How to ‘find’ with argument list too long

Hello dear readers,

Today I’m going to share a very short, but (I hope) useful piece of information for some Linux admins and DBAs as well.

The find tool is very good in isolating files that match a certain pattern.

I use it, in particular, for cleaning up old logs and files that are no longer required in file system if you generate 5 to 10 logs a day. You could even do this manually, but when you generate 5 to 10 logs per minute, you need to automate this as much as you can.

So piping the following commands together do the job nicely

find . -name *xmin*.log -mtime +30 | xargs -r rm -f

Or so I thought.

Lately I have been receiving the following error:

/usr/bin/find: Argument list too long

A shame… Cleanup is not working anymore and I have to go over it manually. But manually doesn’t work either as the number of files is huge.

Turns out that the error pops up at substitution time because of the pattern *xmin*.log. It doesn’t act as a pattern at all but as a list of all the files that match that pattern.

So, if you want it to work as expected, just enclose it in single quotes as follows:

find . -name '*xmin*.log' -mtime +30 | xargs -r rm -f

And that’s it… You’re back in the automated game!

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How to avoid plain-text passwords in shell scripts

Hello fellow DBAs and readers,

today I want to share with you a good option to avoid having plain-text password on storage as part of scripts or automation efforts.

A few months ago, I discovered an issue with a plain-text password sitting there in a script. Most of the people I talked about it disregarded the issue as “no big deal”. But my concern only grew when I found out that it was a common practice to script like that and I decided to do something about it.

So there are a lot of options out there, if you ask me. You can even have your own code there written in a compiled code. But truth is that given enough time, if a hacker gets that code, they can reverse engineer it to find out what you’re using. Using Python or any other scripting language is even simpler to read if you find the code and thus, is not a good option to have our “encryption method” in the same place as the passwords.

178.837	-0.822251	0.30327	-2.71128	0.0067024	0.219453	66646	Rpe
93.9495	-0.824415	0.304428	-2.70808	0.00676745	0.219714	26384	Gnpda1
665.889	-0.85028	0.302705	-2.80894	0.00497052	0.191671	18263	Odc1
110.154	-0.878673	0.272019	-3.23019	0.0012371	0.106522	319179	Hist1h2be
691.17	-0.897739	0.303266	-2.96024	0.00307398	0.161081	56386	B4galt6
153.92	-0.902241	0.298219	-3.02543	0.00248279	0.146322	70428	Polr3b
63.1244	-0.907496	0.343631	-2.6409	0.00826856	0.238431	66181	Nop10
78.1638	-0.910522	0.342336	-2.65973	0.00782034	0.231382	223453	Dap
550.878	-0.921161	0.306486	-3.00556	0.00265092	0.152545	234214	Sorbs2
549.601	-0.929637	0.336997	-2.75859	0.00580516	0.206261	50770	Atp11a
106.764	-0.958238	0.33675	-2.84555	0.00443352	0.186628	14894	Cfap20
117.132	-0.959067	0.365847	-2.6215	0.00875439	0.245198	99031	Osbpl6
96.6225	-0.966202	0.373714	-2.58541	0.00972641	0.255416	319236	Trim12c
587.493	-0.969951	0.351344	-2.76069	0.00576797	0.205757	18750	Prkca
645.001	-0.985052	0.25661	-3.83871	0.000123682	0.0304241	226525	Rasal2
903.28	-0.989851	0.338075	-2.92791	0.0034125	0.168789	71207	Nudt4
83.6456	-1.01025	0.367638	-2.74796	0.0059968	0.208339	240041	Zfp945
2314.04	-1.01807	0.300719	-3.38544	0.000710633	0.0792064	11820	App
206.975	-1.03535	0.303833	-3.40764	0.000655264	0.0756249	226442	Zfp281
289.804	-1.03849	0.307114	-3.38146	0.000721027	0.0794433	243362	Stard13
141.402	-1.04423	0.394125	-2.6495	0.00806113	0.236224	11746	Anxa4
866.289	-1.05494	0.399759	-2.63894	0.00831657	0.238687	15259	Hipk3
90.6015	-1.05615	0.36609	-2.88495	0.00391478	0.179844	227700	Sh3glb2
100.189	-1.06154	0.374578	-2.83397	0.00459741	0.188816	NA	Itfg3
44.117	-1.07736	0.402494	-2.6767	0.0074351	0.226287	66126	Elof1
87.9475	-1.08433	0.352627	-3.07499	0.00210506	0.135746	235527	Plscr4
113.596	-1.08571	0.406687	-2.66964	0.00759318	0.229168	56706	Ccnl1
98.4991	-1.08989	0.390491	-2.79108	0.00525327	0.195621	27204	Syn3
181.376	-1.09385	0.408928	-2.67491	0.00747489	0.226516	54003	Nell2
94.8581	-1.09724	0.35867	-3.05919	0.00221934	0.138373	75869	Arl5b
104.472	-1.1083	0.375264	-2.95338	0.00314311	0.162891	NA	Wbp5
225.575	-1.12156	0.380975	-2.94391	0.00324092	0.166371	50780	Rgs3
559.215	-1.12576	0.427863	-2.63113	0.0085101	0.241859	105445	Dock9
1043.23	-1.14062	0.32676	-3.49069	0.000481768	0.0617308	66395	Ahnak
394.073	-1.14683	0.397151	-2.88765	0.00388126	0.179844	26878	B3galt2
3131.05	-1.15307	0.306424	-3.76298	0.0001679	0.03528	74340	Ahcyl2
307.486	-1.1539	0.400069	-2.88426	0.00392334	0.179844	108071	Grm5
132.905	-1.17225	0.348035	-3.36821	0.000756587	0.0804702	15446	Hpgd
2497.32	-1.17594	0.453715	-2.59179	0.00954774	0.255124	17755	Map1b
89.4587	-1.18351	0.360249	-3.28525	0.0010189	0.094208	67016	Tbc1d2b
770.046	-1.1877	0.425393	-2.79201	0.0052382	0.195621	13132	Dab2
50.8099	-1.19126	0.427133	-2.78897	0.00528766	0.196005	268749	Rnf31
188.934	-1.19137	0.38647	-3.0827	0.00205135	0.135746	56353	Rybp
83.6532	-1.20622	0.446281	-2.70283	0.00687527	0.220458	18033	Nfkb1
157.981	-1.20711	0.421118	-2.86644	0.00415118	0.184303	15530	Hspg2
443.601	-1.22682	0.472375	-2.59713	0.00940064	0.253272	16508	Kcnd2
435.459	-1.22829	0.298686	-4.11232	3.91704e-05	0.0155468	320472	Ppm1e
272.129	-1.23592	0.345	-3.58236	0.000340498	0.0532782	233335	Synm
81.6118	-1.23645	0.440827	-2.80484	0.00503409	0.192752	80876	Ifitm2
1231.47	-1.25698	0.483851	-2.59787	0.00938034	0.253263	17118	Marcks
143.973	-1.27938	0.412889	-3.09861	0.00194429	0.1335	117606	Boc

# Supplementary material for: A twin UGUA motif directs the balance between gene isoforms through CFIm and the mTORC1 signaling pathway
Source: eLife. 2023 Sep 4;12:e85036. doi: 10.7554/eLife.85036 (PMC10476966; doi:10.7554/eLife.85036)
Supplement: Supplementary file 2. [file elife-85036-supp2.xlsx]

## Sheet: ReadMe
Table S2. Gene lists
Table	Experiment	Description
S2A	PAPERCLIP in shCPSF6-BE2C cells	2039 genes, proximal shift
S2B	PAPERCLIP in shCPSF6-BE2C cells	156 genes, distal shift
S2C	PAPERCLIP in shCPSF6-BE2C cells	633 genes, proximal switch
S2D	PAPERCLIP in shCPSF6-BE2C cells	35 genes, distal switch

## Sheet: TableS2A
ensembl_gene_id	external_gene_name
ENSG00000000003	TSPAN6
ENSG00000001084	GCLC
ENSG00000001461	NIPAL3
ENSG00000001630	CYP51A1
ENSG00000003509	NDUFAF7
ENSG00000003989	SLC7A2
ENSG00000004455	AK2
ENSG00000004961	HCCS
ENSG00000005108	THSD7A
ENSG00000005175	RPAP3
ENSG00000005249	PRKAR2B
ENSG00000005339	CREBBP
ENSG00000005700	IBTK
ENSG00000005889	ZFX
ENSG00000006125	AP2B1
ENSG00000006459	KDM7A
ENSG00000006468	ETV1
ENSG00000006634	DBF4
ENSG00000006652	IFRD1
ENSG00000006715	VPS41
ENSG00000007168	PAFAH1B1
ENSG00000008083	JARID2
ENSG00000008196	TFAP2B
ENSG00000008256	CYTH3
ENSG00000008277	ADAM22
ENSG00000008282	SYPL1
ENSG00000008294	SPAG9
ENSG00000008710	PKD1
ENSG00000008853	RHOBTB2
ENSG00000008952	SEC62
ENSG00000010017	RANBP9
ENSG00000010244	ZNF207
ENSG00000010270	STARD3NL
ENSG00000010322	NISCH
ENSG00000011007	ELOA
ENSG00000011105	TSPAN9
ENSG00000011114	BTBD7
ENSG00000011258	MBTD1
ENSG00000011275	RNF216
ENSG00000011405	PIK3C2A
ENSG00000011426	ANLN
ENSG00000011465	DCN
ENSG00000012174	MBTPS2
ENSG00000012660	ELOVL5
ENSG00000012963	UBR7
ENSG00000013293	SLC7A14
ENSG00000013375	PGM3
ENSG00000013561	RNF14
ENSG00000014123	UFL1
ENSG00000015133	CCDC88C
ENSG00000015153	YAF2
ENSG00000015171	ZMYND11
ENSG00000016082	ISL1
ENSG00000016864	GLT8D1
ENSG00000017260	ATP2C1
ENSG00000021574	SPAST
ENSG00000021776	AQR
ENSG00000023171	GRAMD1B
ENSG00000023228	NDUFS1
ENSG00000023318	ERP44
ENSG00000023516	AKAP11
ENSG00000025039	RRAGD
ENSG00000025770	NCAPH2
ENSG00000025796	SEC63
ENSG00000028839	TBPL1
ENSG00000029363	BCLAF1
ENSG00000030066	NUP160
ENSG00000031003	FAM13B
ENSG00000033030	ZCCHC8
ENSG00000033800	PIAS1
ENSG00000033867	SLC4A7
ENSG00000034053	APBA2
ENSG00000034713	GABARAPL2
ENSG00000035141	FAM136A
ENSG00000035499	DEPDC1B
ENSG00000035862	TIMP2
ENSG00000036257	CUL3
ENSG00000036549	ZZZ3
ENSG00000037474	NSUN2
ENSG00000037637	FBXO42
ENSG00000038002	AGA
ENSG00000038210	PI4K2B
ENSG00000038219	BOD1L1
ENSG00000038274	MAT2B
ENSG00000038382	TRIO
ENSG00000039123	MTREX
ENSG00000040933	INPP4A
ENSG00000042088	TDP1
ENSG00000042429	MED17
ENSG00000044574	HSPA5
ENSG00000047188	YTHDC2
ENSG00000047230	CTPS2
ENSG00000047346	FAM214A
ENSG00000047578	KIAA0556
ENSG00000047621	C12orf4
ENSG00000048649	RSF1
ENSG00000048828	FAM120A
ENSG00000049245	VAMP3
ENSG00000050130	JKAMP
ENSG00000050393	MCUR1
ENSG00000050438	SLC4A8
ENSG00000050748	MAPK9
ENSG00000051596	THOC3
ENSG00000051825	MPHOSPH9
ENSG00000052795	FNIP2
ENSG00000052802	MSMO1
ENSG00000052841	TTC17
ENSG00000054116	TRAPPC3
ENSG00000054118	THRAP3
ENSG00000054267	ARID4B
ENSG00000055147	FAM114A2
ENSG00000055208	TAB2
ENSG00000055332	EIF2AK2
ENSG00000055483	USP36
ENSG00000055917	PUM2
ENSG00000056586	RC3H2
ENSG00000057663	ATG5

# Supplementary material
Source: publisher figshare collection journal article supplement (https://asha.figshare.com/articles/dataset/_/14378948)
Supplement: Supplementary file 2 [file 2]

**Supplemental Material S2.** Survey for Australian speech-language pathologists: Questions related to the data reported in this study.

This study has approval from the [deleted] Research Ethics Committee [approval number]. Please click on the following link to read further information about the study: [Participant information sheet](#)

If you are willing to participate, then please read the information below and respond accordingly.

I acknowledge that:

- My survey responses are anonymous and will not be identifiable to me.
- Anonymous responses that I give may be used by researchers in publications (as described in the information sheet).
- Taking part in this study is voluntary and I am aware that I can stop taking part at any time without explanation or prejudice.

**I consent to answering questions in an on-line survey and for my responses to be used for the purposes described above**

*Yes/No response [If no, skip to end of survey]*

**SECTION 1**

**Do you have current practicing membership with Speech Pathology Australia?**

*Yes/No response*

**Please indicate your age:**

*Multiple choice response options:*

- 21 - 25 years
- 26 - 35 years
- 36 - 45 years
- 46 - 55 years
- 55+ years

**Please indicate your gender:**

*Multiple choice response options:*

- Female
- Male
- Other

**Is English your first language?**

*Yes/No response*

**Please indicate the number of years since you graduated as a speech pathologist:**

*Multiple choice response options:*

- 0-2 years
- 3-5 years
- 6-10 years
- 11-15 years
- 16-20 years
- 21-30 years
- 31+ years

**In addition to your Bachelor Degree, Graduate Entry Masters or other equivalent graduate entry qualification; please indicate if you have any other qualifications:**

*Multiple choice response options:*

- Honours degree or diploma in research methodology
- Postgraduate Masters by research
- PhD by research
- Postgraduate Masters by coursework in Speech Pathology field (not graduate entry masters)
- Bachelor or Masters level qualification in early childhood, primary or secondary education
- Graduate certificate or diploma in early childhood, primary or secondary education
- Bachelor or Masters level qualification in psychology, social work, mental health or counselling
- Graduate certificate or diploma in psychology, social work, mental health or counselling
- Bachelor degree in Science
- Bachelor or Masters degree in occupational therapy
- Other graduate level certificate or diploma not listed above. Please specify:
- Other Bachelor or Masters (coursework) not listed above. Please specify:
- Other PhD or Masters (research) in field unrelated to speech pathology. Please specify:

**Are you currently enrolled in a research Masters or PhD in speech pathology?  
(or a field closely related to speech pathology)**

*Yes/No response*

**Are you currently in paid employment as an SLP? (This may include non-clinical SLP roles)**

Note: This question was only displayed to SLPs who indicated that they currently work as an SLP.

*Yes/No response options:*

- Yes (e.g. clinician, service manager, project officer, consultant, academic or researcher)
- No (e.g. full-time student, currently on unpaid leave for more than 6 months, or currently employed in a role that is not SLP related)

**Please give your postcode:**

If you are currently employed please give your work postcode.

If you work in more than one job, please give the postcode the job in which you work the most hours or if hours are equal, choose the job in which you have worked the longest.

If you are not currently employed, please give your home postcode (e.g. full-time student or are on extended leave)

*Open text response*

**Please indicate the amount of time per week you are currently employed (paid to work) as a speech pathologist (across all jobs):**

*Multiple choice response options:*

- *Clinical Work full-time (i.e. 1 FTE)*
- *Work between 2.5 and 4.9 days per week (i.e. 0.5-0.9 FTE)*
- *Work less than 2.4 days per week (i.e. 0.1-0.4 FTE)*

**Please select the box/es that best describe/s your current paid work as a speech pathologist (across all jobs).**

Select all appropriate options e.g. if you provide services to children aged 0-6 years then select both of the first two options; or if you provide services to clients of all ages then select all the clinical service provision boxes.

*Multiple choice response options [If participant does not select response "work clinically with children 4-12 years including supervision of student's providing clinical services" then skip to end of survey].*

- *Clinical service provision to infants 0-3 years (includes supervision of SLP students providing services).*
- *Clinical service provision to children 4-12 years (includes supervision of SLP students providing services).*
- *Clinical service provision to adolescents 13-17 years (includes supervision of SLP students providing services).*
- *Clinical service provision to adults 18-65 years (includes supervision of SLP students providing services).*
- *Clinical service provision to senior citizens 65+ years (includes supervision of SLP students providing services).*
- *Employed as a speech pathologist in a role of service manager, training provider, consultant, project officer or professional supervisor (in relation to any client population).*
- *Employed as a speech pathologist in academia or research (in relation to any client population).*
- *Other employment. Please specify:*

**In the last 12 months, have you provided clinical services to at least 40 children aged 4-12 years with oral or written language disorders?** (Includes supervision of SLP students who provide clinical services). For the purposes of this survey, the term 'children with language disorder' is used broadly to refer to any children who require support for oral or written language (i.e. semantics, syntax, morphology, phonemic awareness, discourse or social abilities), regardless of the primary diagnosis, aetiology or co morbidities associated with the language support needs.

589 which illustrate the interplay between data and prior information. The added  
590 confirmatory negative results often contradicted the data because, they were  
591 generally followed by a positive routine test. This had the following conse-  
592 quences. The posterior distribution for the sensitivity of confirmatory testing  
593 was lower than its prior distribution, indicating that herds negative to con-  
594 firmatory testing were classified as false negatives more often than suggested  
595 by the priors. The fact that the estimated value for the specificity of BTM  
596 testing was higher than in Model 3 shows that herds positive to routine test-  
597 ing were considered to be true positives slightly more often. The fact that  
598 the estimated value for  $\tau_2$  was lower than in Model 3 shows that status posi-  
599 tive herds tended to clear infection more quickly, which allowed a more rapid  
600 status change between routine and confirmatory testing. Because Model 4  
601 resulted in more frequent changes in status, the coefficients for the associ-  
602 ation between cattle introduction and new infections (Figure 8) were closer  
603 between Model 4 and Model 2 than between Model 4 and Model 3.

At some point we stumbled upon a good solution provided by Oracle itself: The Oracle Wallet.

If you didn’t know it. You can use it to store external passwords and access them transparently to connect to any Oracle Database.

You can find the whitepaper by clicking >> here <<

According to the whitepaper you can use the the tnsnames.ora file that is located at your $ORACLE_HOME/network/admin directory. But for my use case, I needed to keep that one as clean as possible and use a different tnsnames.ora file.

So I have this special directory where I will have the tnsnames.ora and sqlnet.ora files and the wallet directory. Let’s call it /path/to/tns/files I’ll make my Oracle binaries aware of this location by exporting the TNS_ADMIN environment variable.

Let’s make a long story short and get this done:

  1. Create your directory
    mkdir -p /path/to/tns/files/wallet
  2. Create tnsnames.ora and sqlnet.ora files
    cd /path/to/tns/files
    vi tnsnames.ora
    vi sqlnet.ora
    • For the sqlnet.ora file use the following content:
      WALLET_LOCATION = 
        (SOURCE = 
          (METHOD = FILE) 
          (METHOD_DATA = 
            (DIRECTORY = /path/to/tns/files/wallet))) 
      SQLNET.WALLET_OVERRIDE = TRUE
      SSL_CLIENT_AUTHENTICATION = FALSE
  3. Create the wallet files
    mkstore -wrl /path/to/tns/files/wallet -create
    • Now you’ll see the cwallet.sso and the ewallet.p12 files sitting there.
  4. It’s time to start saving your credentials
    mkstore -wrl /path/to/tns/files/wallet -createCredential <DB NAME> <USERNAME> [<PASSWORD>]

You can see I place the password as optional. As you may have guessed already, I don’t want to leave the password there in the command history of my SHELL.

So, finally you can test your connection using sqlplus /@<DB NAME>

AWR: Same SNAP ID, Different Dates

Hello everyone,

Recently I ran into an interesting issue. I created a script to automatically generate AWR + ADDM reports by asking only for the start and end timestamps.

Basically the script looks for the minimum and maximum SNAP_IDs between the start and end times in order to get comprehensive information out of the AWR.

Everything worked well until we got the starting time pointing to last year. But we only store 2 weeks of AWR data. So this seemed like a ghost snapshot.

The issue

2 years working perfectly until we got something like this:

SQL> select distinct snap_id, begin_interval_time, end_interval_time
from dba_hist_snapshot
where snap_id=99999
order by 2;